New weight loss guidelines for the NHS in England will advise people to “lose a little and keep it off” for life. The National Institute for Health and Care Excellence (NICE) is suggesting that overweight and obese people are sent to slimming classes with the aim of a 3% weight loss.
Are they serious?
When I was at my heaviest and suffering with multiple health issues I weighed approximately 18 stone (250 pounds). Based on this new guidance the NHS would’ve been advising me to lose less than 8 pounds! I don’t think that would really have made any impact on my quality of life or the cost to the NHS for my ongoing health problems.
Over the last 5 years I’ve been studying juicing, nutrition and fitness and have developed my own strategies for weight loss and improving health in a way that creates lasting, sustainable change. I’ve personally lost approx 75 pounds (over 5 stone) AND kept it off. This has massively improved my quality of life, something that losing 8 pounds could never have achieved.
Seriously, do you think if I’d gone from being seriously obese at 250 pounds to seriously obese and 242 pounds it would have been a life changing transformation?
Statistics show that in England the number of adults that were overweight or obese increased between 1993 and 2012 from 57.6% to 66.6% among men and from 48.6% to 57.2% among women.
The proportion of adults with a raised waist circumference increased from 20% to 34% among men and from 26% to 45% among women between 1993 and 2012.
The answer to the obesity epidemic is NOT a 3% weight loss with weekly ‘fat club’ weigh-ins.
Prof Mike Kelly, the director of the centre for public health at NICE, said the guidelines were about lifelong change rather than yo-yo dieting, when the weight is piled back on after initial success.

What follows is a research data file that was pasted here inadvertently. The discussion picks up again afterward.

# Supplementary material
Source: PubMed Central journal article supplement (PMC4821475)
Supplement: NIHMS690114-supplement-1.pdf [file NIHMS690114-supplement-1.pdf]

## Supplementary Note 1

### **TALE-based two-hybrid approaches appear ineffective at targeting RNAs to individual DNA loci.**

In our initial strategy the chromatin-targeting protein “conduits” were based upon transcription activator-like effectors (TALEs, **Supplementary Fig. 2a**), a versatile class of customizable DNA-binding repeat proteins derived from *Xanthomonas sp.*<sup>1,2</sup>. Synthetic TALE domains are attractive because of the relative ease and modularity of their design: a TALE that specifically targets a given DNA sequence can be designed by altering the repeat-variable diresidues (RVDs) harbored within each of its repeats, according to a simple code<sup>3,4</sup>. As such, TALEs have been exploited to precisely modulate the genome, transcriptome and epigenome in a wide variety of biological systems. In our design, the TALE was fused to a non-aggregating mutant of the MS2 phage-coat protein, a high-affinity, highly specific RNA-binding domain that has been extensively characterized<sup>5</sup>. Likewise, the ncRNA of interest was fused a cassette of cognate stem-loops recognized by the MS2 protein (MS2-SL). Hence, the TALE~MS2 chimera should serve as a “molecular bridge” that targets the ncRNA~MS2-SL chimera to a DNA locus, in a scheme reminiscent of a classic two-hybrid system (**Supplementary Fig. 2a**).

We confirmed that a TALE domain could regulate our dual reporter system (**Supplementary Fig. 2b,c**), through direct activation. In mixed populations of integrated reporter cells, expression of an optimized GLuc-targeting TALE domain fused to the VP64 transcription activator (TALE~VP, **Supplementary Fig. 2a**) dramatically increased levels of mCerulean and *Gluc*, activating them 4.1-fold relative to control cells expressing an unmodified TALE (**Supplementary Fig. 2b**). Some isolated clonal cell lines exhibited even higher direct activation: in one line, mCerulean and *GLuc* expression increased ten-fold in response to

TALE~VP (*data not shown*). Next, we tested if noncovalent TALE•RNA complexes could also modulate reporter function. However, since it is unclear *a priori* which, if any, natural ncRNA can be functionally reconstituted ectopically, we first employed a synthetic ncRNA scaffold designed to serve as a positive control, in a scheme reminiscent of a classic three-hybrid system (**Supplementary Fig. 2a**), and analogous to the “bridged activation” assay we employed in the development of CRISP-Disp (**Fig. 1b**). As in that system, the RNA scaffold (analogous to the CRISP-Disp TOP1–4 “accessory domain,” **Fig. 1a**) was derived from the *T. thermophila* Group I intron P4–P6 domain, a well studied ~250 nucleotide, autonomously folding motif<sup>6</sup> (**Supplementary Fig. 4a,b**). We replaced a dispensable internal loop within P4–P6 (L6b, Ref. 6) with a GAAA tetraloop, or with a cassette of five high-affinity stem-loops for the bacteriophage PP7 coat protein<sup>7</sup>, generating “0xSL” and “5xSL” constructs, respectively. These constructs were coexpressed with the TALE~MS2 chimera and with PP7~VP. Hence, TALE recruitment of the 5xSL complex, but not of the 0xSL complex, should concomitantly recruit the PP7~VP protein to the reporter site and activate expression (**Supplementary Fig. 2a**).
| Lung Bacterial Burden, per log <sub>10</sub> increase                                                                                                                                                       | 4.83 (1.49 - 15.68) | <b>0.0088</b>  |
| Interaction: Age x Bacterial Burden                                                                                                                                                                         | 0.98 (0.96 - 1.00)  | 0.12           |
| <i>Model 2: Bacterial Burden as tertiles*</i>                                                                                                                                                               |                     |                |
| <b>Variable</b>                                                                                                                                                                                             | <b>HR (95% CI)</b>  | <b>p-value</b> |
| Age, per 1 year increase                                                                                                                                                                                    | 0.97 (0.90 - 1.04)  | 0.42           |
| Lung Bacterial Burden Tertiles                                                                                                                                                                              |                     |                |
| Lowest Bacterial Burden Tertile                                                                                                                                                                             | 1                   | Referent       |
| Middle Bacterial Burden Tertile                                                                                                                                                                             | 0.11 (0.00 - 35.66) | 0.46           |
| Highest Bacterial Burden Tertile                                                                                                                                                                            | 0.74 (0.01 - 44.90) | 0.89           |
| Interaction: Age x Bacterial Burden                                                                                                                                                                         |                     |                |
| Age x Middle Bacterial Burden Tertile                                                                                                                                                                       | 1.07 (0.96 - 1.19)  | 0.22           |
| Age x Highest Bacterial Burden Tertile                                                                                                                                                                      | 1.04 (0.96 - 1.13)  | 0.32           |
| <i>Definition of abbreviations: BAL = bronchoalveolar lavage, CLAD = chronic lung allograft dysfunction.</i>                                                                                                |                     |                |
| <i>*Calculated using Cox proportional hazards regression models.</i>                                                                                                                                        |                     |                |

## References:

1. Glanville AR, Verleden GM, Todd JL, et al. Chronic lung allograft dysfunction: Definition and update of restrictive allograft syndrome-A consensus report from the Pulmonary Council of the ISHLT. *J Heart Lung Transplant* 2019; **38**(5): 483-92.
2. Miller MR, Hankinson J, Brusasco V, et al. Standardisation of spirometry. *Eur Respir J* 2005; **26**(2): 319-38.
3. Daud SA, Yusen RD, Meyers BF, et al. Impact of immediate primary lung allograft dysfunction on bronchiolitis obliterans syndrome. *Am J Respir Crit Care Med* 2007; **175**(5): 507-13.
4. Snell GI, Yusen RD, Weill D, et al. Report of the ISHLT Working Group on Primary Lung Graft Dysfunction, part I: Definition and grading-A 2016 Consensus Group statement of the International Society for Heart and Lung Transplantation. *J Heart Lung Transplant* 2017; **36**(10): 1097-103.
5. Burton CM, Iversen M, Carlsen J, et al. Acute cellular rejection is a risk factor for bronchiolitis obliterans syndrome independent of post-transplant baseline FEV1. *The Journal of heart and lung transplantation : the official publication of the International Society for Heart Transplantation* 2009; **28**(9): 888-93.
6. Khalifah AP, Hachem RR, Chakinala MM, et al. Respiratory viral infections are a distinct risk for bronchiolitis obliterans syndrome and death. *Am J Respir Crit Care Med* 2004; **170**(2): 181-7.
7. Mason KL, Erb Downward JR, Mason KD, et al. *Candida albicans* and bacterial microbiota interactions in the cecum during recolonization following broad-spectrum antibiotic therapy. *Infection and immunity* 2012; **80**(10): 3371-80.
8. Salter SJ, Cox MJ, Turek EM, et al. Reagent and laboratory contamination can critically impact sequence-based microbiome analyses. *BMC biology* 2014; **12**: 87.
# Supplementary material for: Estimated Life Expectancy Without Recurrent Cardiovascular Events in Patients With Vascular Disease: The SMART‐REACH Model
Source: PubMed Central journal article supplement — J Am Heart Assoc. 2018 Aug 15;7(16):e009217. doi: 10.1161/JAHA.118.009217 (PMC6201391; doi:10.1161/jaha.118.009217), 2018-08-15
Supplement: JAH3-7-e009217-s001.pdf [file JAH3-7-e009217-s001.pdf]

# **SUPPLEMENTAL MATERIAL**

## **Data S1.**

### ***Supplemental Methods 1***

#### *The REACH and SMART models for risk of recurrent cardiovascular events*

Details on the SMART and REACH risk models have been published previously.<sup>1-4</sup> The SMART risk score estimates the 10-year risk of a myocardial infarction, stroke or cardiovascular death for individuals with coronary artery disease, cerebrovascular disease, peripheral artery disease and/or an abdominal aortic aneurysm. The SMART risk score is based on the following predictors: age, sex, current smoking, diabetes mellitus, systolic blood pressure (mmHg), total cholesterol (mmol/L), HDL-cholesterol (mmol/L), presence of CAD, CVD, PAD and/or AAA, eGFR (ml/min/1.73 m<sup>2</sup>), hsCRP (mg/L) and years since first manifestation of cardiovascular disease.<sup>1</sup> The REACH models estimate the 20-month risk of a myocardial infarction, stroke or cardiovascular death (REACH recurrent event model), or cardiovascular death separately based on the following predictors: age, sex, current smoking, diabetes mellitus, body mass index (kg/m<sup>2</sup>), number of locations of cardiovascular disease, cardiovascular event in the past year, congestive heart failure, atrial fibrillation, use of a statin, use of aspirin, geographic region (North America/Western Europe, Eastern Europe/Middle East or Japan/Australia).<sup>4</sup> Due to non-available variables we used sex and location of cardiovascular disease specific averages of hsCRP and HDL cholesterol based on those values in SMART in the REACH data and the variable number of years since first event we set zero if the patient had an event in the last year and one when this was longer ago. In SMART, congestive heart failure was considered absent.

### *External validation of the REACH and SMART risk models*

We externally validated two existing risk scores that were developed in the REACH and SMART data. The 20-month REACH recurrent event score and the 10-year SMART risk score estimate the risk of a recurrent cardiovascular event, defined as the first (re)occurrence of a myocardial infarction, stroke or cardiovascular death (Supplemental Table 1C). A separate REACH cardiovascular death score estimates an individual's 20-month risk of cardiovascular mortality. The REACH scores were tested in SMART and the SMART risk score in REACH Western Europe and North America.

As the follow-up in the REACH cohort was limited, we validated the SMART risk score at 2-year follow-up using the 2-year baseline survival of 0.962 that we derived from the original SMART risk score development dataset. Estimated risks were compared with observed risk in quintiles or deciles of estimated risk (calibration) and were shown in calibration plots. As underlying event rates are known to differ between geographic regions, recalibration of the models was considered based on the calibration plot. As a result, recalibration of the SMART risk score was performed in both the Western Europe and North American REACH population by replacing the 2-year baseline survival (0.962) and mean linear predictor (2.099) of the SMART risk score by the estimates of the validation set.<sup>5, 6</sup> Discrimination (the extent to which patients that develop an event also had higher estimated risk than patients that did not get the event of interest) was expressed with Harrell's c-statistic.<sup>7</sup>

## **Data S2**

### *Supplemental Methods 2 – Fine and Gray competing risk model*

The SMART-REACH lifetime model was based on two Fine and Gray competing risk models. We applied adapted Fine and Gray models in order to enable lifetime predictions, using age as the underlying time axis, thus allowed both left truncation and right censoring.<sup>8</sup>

Gill Fine, a public health nutritionist who led the team devising the guidelines, said a sustained 3% drop in weight would alter the trajectory of ever-expanding waistlines. She commented: “If people think they’ve got to lose over a stone, they don’t lose a stone and they get disheartened and they go back up – that isn’t going to help them. “But if they can just lose a little bit, keep that weight off then that is going to give them a health benefit.”
I have to disagree with Prof Kelly and Gill Fine – an 8 pound weight loss would NEVER have been enough to motivate me to “keep it off”.
Prof Kelly said “We would like to offer an instant solution and a quick win, a much greater ambition if you like, but realistically it’s important to bear in mind this is difficult. It is not just a question of ‘for goodness’ sake pull yourself together and lose a stone’ – it doesn’t work like that. People find it difficult to do – it’s not something you can just wake up one morning and decide I’m going to lose 10 pounds, it takes resolve, it takes encouragement.”
“It takes resolve”
Prof Kelly is correct that weight loss takes resolve, or determination. I am often asked where I found the will power to lose my weight and regain my health. It had NOTHING to do with will power. Sorry, but if you are relying on will power alone, you can expect to fail. Forget will power and find your motivation.
My motivation was my wife and children. When my daughter was born and I watched her 10 year old brother cradle her in his arms I knew I had to change my lifestyle if I wanted to watch them both grow.
The decline in my health had started when my Dad died aged 50. I was 22 and suddenly felt I was halfway through my life. I gave up on myself.
It took sometime to accept how bad my health had become, but I knew I couldn’t give up on my children. My family are my motivation. Instead of following my Dad to my own early grave I found a new determination to turn my life around and to set an example for my kids.
I strongly believe that with a strong motivation ANYTHING is possible. I just hope that someday (soon) the NHS will wake up to the health benefits of juicing and eating real, clean, unadulterated, food.
I have to agree with Tam Fry, from the National Obesity Forum, told the BBC the guidelines did not go far enough and looked like a “brave attempt to close the stable door whilst the horse is still bolting”, adding that “NICE should be going for the clinical excellence that it’s proud of and not the compromise it has suggested.”
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